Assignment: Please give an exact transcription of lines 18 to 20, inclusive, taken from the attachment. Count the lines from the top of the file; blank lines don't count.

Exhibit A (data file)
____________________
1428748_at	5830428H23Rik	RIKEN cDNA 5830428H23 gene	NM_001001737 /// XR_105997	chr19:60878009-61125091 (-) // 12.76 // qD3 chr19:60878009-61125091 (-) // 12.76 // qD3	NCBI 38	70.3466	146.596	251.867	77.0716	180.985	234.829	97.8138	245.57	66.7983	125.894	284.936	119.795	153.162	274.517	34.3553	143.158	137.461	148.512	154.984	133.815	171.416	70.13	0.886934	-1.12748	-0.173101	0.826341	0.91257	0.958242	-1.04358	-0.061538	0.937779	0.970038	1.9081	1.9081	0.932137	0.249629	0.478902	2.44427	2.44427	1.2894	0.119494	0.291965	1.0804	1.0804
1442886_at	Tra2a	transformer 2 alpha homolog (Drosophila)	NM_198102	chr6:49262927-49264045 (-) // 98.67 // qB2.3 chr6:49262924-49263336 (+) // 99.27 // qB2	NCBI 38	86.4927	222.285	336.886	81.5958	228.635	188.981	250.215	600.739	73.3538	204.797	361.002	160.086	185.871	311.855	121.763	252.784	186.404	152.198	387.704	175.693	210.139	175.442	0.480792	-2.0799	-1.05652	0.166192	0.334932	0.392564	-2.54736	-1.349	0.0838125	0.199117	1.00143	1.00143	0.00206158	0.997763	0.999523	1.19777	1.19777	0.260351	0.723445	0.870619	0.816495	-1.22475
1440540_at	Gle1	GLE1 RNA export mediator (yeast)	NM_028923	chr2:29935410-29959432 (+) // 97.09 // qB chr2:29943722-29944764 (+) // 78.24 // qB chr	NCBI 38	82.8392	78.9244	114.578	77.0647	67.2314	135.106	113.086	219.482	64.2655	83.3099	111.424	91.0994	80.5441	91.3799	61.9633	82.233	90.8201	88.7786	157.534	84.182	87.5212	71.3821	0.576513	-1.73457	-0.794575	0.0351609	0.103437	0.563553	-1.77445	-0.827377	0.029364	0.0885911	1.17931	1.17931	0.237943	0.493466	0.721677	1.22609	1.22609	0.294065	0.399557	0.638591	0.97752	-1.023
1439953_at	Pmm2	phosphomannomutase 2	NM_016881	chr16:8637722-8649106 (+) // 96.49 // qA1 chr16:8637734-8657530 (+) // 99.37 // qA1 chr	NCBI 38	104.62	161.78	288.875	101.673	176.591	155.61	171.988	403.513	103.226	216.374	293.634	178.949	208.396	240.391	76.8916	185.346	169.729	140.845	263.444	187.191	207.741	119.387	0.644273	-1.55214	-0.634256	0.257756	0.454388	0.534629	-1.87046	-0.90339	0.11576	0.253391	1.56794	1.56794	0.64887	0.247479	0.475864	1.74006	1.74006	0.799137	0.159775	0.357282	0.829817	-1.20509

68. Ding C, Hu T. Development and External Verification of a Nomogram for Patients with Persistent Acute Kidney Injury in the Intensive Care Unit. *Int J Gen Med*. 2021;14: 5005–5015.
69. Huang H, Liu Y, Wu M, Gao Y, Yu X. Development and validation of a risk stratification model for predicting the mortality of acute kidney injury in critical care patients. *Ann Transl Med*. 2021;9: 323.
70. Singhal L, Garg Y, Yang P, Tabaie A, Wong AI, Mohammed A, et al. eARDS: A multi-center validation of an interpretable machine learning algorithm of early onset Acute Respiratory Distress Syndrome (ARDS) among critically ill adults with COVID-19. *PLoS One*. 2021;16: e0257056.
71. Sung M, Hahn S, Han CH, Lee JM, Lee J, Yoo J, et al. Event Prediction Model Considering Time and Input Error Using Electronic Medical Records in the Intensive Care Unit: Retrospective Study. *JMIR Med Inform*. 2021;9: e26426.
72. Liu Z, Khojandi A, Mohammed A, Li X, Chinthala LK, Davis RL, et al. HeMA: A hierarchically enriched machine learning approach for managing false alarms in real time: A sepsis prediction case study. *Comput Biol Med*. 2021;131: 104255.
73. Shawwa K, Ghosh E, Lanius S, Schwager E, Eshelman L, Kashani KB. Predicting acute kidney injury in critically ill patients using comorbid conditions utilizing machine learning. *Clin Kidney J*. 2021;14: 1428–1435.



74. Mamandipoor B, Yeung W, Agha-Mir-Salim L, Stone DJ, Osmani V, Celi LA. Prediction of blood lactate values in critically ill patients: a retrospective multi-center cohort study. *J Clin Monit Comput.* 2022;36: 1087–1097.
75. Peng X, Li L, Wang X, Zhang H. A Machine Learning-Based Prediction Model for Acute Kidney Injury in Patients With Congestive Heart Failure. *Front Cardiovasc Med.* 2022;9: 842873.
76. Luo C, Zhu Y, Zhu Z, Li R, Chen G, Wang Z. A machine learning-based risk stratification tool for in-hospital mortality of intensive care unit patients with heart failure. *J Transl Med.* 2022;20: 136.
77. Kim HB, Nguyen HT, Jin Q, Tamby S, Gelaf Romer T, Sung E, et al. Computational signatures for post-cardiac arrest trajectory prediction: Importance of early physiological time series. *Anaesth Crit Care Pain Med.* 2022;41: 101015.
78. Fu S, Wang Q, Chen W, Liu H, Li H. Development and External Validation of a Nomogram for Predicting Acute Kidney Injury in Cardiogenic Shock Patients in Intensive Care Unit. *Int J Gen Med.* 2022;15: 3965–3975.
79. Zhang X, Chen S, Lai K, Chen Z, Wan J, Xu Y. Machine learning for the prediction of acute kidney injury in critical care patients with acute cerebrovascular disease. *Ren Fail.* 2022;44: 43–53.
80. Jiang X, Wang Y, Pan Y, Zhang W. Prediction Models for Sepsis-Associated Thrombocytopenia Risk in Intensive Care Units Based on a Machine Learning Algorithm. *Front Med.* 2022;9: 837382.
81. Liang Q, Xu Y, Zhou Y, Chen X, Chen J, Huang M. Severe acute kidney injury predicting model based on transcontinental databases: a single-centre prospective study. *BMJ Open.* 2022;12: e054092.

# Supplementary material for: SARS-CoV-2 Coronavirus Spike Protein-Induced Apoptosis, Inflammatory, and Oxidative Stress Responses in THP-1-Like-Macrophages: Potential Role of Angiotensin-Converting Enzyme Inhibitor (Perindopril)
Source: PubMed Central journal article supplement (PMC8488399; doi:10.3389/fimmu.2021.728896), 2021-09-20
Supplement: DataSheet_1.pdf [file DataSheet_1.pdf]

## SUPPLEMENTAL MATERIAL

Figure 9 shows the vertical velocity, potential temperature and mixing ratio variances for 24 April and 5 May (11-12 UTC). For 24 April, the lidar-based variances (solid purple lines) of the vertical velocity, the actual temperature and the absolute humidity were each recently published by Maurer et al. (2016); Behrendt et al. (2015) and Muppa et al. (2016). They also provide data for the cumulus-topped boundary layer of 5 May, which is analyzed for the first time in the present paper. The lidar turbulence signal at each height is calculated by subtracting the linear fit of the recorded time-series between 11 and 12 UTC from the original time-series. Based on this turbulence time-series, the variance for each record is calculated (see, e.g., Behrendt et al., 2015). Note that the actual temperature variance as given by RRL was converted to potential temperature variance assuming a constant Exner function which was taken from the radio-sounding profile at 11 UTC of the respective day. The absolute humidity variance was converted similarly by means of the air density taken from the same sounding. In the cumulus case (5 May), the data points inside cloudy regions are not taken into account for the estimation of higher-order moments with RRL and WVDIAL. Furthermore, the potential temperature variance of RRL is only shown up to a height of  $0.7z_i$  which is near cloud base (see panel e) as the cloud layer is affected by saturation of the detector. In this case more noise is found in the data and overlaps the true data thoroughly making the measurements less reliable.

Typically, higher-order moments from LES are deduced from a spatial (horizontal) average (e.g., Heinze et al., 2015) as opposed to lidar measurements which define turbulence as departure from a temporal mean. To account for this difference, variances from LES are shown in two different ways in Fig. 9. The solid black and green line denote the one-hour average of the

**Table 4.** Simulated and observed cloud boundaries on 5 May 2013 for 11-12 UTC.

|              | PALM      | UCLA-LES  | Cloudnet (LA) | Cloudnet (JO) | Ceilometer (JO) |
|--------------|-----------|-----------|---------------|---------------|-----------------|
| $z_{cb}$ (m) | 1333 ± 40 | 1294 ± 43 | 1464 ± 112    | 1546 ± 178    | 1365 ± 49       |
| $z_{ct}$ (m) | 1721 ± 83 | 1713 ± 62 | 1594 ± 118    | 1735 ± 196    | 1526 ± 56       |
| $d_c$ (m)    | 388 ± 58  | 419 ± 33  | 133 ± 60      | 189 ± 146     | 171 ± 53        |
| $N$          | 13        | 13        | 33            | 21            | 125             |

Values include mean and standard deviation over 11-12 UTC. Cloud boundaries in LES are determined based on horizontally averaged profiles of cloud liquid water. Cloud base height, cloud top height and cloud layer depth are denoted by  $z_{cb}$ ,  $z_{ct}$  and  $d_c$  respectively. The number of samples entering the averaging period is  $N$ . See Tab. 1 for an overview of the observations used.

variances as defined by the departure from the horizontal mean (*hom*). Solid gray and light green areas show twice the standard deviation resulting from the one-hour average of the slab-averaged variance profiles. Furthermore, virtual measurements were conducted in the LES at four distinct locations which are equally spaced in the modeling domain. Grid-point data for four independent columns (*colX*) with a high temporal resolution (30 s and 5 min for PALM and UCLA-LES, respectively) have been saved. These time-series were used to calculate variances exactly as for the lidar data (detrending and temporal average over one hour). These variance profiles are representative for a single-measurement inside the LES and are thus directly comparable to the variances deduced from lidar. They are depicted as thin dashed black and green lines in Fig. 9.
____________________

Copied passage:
81. Liang Q, Xu Y, Zhou Y, Chen X, Chen J, Huang M. Severe acute kidney injury predicting model based on transcontinental databases: a single-centre prospective study. *BMJ Open.* 2022;12: e054092.

# Supplementary material for: SARS-CoV-2 Coronavirus Spike Protein-Induced Apoptosis, Inflammatory, and Oxidative Stress Responses in THP-1-Like-Macrophages: Potential Role of Angiotensin-Converting Enzyme Inhibitor (Perindopril)
Source: PubMed Central journal article supplement (PMC8488399; doi:10.3389/fimmu.2021.728896), 2021-09-20